AstraZeneca, J&J enter cancer collaborations
Cancer Chronicles author George Johnson ushered in Sunday with a New York Times piece about “Why Everyone Seems to Have Cancer.” Wednesday's acquisition news indicates a continued push to change the conversation to no one having cancer.
Among the movers was AstraZeneca, which announced two deals. Its MedImmune subsidiary signed a collaboration/licensing agreement with the UK biotech Immunocore. The duo will seek to develop therapies using Immunocore's Immune Mobilising Monoclonal T-Cell Receptor Against Cancer tech also known as ImmTac. The partnership means both will create ImmTacs but that AstraZeneca and MedImmune have the option to go ahead with development and commercialization.
The Immunocore deal comes one day after AZ revealed it launched into a research collaboration with genomics research and personalized medicine developer Horizon Discovery. The agreement involves exploring cancer genotypes to determine if there is a genetic combination that can trigger cell death, an approach the partners hope can lead to cell-level treatment which could attack specific cells but leave others alone. The partnership extends a relationship started in April 2013 when the companies agreed to look into Horizon's kinase target program.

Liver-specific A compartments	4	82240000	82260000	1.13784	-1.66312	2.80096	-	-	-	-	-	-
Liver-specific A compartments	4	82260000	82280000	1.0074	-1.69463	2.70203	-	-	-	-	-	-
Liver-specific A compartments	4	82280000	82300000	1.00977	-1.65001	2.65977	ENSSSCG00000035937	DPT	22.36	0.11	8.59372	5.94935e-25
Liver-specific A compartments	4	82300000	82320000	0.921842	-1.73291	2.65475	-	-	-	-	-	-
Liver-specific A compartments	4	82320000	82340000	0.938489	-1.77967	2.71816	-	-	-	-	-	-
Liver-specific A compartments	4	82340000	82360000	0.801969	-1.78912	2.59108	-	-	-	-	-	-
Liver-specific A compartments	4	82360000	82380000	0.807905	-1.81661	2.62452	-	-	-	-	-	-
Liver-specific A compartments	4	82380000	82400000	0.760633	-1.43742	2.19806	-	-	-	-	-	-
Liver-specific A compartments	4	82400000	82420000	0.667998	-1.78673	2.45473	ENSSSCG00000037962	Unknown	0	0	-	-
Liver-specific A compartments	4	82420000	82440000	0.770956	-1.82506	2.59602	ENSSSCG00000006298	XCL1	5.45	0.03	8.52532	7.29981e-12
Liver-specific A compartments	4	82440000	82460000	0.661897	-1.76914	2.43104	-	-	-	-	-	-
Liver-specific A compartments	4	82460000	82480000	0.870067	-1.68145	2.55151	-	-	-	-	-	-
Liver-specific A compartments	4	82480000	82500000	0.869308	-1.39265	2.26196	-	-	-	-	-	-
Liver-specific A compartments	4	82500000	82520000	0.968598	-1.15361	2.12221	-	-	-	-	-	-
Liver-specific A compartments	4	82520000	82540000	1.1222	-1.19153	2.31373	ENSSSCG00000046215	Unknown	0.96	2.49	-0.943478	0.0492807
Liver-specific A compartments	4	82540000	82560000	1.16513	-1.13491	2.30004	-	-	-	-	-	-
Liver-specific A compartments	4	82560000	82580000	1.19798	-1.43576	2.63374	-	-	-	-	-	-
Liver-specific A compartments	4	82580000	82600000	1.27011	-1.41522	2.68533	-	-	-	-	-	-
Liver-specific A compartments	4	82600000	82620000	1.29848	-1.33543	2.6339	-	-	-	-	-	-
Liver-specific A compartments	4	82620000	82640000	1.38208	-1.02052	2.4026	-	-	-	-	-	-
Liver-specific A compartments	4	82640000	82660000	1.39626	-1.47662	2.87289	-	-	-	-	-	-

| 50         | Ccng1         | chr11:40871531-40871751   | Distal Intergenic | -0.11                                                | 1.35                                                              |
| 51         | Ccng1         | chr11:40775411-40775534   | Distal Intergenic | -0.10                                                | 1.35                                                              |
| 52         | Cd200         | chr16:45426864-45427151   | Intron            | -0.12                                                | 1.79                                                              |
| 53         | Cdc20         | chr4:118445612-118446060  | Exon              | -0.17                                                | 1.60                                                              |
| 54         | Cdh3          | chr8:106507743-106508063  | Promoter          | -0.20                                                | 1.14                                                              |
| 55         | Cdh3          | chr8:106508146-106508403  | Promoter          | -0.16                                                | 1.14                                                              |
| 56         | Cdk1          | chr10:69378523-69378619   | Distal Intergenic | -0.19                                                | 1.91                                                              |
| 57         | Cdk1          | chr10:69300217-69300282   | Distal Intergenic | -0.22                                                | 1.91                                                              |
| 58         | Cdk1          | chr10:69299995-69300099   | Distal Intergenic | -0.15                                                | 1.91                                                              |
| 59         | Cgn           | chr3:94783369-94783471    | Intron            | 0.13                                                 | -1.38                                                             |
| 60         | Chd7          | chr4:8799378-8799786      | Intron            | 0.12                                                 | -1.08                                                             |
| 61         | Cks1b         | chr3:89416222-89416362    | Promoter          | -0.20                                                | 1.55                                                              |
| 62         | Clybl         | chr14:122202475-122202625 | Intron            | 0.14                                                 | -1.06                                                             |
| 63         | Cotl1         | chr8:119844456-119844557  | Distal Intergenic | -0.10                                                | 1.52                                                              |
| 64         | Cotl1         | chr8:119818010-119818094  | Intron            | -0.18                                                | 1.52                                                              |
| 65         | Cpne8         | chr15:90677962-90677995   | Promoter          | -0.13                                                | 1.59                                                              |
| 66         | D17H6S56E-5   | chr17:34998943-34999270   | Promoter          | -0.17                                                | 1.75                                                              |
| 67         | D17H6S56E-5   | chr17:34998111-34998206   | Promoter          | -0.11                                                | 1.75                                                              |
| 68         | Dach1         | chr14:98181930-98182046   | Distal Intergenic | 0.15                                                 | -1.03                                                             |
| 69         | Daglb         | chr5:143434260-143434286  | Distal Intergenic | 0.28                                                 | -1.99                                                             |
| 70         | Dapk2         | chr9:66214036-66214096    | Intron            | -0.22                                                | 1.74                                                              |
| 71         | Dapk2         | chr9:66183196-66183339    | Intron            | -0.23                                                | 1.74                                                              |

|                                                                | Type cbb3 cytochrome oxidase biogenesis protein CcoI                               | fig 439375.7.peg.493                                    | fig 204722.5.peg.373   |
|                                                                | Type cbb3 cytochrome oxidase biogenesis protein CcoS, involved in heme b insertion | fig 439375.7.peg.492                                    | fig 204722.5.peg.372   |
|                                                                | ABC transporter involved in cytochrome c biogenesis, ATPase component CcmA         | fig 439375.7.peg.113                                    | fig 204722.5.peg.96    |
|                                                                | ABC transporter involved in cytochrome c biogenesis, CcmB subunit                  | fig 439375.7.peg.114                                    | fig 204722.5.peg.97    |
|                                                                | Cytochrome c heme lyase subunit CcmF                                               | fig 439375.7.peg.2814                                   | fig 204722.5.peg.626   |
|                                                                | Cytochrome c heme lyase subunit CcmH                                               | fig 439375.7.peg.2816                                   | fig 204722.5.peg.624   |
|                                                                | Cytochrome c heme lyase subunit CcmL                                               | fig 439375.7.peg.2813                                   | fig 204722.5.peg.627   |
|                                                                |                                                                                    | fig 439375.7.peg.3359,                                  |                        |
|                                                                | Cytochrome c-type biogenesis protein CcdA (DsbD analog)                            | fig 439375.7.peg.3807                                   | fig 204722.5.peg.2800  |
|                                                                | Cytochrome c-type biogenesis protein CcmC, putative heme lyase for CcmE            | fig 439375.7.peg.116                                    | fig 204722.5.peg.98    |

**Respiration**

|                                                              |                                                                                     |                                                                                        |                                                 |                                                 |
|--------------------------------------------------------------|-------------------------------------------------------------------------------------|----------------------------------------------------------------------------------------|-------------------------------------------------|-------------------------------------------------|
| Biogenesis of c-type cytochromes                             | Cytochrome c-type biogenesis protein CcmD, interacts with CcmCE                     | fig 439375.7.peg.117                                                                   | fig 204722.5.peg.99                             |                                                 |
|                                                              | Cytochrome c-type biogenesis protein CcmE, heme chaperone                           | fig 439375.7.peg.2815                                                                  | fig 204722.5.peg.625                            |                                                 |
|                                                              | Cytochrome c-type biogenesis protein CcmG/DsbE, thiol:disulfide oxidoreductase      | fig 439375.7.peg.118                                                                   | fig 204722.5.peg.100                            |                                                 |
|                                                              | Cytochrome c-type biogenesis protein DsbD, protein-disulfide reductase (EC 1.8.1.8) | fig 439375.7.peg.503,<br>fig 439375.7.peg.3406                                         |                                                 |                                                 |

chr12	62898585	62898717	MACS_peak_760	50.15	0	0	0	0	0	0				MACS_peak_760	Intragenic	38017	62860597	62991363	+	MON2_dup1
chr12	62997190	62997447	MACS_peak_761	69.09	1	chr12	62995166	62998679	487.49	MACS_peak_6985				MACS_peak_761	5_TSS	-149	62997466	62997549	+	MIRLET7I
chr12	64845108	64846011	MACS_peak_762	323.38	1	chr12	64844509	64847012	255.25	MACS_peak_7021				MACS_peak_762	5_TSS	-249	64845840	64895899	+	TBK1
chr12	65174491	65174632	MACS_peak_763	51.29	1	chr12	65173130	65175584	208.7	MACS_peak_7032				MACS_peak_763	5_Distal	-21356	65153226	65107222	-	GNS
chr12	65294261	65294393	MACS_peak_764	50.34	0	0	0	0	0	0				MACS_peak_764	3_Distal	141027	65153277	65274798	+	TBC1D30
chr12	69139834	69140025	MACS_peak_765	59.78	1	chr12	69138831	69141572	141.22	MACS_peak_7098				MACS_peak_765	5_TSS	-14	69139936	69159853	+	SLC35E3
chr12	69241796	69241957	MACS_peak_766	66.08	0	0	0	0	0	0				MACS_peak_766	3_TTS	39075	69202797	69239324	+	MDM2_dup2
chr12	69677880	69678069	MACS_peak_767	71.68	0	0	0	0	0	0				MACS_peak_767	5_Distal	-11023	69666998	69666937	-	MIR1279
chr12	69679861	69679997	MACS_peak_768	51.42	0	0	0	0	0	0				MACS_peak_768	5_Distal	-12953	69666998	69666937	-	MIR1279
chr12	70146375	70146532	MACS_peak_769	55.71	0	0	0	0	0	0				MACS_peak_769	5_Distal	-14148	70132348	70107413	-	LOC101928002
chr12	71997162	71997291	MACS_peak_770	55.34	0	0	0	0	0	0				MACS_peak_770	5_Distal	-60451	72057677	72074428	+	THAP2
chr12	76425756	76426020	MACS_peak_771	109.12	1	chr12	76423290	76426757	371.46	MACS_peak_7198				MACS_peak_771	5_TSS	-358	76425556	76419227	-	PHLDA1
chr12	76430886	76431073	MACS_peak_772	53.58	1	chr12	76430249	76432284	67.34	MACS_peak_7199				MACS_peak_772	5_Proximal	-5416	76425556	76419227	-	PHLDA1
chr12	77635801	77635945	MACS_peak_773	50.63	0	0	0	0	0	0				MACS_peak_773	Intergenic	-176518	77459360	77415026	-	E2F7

Johnson & Johnson also announced a new oncology move Wednesday. It will work with the Cambridge, MA, biotech Scholar Rock to develop therapies that target the growth factor TGF-beta 1. Scholar Rock said in a statement that targeting TGF-beta 1 is not a new idea, but that most approaches are systemic ones, and its goal is to target TGF-beta 1 niche activators locally. The deal gives J&J subsidiary Janssen the exclusive option to license, develop and commercialize what comes out of the partnership.
Although the latest Centers for Disease Control data shows a slight decline in cancer deaths, the category remains a rich one for therapeutic targets and is one of the top disease states the IMS Institute for Healthcare Informatics predicts will be among the top classes in developed countries by 2017.
AstraZeneca and J&J are not alone in this category push. Merck recently declared oncology one of its top priorities as has Bristol-Myers Squibb, while others, including Lilly, Pfizer (for whom palbociclib remains a possible anchor of a not-yet-independent biotech division), and others seek out space to claim amid a field that can feel crowded, depending on the indication.
Bayer has also been part of the oncology acquisition storyline, and closed out 2013 when it bought up its prostate cancer drug collaborator Algeta, giving it full rights to Xofigo. The late-year move was part of an overall momentum in the category, which included the FDA expanding the indication for its cancer drug Nexavar to include metastatic differentiated thyroid cancer, in addition to unresectable hepatocellular carcinoma and for the treatment of patients with advanced renal cell carcinoma, as well as the 2013 expanded indication for Stivarga for advanced gastrointestinal stromal tumors to go with the med's previous indication in colorectal cancer.